Beauty in Brokenness
Harley raised her hand and asked if she could say something. She walked to the front of the classroom and, leaning into the podium, waited for the zipping backpacks and conversation to settle.
“There’s this fear we have,” she said. “We think if we share our problems, we’ll be a burden.” As she spoke, all eyes were on her. Not on cell phones. Not on the clock. Not on the cute boy sitting in front.
“So we do what we think is being strong; we pretend.”
She breathed deep, looking at all of us. “But we’re not a burden,” she said. "We’re broken, and that’s okay.”
When she went back to her seat, nobody spoke. Her words dripped with truth, and it stirred something deep inside us.
Most teachers will tell you, if you give students the stage, they have much more to teach us than we could ever teach them, and that was certainly the case with Harley.
I’ll admit; I’m a pretender. Being a teacher, it’s kind of my job to put on a smile and perform. I’m doing an act, being the positive, even a little crazy, English teacher who loves grammar and Shakespeare. But students like Harley are teaching me to be real. They’re teaching me to not only let people see the cracks but to celebrate them. Why? Because even in all that brokenness, there’s beauty.
In one of the last assignments we did this year, nobody was pretending. We wrote a sentence copying Martin Luther King Jr.’s writing style. I put one of his sentences on the screen:
Like a boil that can never be cured so long as it is covered up but must be opened with all its ugliness to the natural medicines of air and light, injustice must be exposed, with all the tension its exposure creates, to the light of human conscience and the air of national opinion before it can be cured.
After we talked about it, everyone created their own versions of it, adding similes, imagery and prepositional phrases in the same spots where he did. There may have been a little eye-rolling at the beginning, but once they got started, they were having fun; they were coming out from hiding, and they liked it.
Their homework was to display the sentences they created with creative backgrounds that brought them to life, and what they brought back a few days later felt almost sacred, like an original van Gogh someone stumbled upon in an attic. It was so good, I set up galleries around school and made my classes do tours.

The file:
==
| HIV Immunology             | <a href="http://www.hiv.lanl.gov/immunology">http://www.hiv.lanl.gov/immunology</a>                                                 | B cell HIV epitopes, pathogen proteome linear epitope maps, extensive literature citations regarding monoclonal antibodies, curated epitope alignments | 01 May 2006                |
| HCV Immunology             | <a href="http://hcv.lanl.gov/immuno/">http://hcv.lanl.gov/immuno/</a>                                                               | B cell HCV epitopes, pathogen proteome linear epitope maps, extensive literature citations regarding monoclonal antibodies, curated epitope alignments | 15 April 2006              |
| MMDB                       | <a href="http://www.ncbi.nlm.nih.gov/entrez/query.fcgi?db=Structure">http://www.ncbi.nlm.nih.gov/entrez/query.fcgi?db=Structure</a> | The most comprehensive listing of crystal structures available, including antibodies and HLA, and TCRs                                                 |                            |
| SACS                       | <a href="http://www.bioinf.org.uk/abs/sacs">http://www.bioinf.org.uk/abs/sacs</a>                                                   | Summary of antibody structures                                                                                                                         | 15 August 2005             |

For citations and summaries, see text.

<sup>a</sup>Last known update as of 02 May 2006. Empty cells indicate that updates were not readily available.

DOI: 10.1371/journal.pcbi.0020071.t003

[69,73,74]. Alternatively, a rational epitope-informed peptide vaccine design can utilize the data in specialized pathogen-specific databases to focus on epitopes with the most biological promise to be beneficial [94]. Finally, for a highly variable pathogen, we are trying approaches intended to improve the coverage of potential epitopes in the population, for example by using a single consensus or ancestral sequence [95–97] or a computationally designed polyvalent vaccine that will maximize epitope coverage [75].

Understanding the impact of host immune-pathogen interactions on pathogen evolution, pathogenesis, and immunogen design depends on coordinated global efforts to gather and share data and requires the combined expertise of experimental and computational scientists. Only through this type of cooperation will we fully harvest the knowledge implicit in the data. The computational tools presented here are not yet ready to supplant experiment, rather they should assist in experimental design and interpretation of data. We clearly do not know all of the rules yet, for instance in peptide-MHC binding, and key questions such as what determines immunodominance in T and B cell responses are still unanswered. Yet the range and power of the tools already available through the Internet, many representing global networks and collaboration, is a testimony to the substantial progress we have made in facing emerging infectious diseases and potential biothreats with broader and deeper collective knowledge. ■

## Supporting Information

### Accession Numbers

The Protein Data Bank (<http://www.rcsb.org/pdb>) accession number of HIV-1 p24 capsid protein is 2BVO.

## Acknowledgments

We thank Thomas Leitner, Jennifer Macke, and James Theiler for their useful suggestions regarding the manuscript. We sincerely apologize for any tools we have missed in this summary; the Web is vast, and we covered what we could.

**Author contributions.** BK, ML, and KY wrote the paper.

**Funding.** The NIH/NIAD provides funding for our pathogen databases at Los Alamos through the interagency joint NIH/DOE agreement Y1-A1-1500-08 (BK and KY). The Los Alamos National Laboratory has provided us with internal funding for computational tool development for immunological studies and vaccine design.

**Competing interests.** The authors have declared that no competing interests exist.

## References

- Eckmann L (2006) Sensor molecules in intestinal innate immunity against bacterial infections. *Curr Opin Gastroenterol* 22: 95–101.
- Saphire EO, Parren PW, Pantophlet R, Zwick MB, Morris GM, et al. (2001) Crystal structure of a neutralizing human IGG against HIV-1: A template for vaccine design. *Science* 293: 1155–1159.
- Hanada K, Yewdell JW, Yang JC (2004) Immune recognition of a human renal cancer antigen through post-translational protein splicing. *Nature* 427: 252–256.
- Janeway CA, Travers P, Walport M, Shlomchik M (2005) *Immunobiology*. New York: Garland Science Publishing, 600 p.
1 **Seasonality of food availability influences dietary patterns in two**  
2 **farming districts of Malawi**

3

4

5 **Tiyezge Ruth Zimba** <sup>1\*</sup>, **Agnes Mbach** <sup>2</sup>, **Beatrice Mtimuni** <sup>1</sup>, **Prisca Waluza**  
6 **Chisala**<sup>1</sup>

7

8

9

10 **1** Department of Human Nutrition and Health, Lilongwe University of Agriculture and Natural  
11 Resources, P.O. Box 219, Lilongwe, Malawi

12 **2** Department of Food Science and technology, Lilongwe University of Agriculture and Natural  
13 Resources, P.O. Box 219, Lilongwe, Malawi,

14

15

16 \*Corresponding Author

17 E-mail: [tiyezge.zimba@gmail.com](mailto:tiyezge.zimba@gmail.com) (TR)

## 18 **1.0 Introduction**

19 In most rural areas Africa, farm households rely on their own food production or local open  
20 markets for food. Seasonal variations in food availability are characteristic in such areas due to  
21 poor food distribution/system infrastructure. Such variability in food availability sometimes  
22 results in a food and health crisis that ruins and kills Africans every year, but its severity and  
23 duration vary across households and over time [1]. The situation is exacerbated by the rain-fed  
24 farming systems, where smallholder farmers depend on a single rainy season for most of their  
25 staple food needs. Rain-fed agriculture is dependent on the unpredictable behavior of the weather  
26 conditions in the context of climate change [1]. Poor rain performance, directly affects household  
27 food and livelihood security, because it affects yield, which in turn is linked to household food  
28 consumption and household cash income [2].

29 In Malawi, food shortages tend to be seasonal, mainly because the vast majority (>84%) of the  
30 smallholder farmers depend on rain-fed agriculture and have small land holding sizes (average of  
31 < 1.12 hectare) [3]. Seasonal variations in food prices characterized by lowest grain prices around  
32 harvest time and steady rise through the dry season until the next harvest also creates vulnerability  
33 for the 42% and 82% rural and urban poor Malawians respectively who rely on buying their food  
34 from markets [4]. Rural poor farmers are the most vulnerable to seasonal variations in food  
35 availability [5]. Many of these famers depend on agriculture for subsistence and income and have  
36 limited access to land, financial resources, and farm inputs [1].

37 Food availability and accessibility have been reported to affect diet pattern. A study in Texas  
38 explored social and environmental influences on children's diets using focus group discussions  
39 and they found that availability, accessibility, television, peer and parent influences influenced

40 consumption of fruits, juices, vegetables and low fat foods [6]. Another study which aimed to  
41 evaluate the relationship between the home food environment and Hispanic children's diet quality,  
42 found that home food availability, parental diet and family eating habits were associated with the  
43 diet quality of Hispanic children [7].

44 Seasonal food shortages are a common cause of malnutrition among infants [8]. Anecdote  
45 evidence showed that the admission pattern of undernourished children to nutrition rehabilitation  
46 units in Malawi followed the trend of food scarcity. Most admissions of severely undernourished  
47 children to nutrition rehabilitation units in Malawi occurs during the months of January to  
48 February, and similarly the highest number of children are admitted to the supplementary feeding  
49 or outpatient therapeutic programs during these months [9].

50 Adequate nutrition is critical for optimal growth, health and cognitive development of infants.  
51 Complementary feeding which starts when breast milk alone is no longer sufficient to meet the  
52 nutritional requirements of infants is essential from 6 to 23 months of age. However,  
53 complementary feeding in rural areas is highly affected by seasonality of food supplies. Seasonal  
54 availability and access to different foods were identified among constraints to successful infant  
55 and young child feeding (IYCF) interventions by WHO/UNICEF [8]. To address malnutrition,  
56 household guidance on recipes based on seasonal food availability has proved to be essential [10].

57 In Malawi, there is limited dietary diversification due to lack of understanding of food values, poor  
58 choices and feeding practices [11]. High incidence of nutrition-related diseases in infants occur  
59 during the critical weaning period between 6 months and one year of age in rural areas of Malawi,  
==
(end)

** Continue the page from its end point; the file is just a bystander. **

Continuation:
“Find one that really moves you,” I told them, “and take a picture.” We took our time, talking about each one as we sipped our Capri Suns and munched on some chips, better options than wine and cheese, and when we were done, I had them write about the one that moved them most.
“What did you write about?” I asked.
Kenzie raised her hand. She was never afraid of going first.
“I liked Lilly’s,” she said. “This past year has been hard. Doing school from home, quarantines, having to wear these stupid masks; it’s all been tough.” She smiled at Lilly and finished her thought. “But Lilly’s painting reminded me of what gets me through. Without God, I would’ve been lost.” Lilly looked at her and smiled back.
Next it was Sarah's turn.
“I picked that watercolor one with the trees.” Looking over at Kenzie, she said, “This year really has been hard, and through all this mess, my friends have been there for me.” She looked back down at her journal. “I guess the one good thing about COVID is that it’s taught me to value the people around me.” There were more hands.
Jenna had been looking down at her desk. When she raised her hand, her eyes were pensive. There was something weighing on her.
“Go ahead Jenna,” I said, pointing at her.
“You know that one with the broken glass?” she asked. Everyone was listening. Something about her tone had all of us on the edge of our seats, and we nodded our heads.
“I can relate to that. It’s not that I have a terrible life or anything, but COVID and some stuff with my family. . .” She paused, gathering up some strength. “It can all just feel like too much. I guess I feel broken like that glass.” She finished and the class was quiet.
“There are other people in here who feel just like you,” I said, almost whispering.
“Thank you for having the courage to share.” After she gave me a quiet nod, I waited for more hands.
“Can I say something?” Kay asked. She was sitting in the back with her computer open. Nobody expected her to say anything because she wasn’t a kid. She was an adult, co-teaching with me to support the struggling kids on her caseload, and her gentle voice was calming.
“The one with the hands really touched me,” she said. She read the sentence out loud.
When she finished reading, she waited to keep from crying.
“A few years ago, I lost my son, and when he was gone, he took a part of me with him.” The tears started to come, and she took off her glasses to wipe her eyes.
“There’s not a day that goes by that I don’t think about him.”
Everyone looked over at her, thankful for this woman who had done so much for all of us despite the trials in her life.
Then I stood up in front of the class. “Do you guys see what you’ve done?” I said. “How your words and your artwork can move people?” Nobody had anything to say. Their classmates’ words, Kay’s words, like little bits of sunshine, were bringing life to their weary hearts.
Harley was right. As we take off our COVID masks, maybe we could take off the other masks we hide behind, the ones with the fake smiles and the perfect social media pictures. Sharing our brokenness is never a burden, and pretending to be perfect is never attractive. We’re all a little broken, and that’s okay. It’s more than okay—it brings color to the canvas of our lives. When we share the broken pieces of us, hearts open up, people discover they’re not alone, and we all reach out for love. That’s where hope is found, and that’s where our brokenness is transformed into something beautiful.
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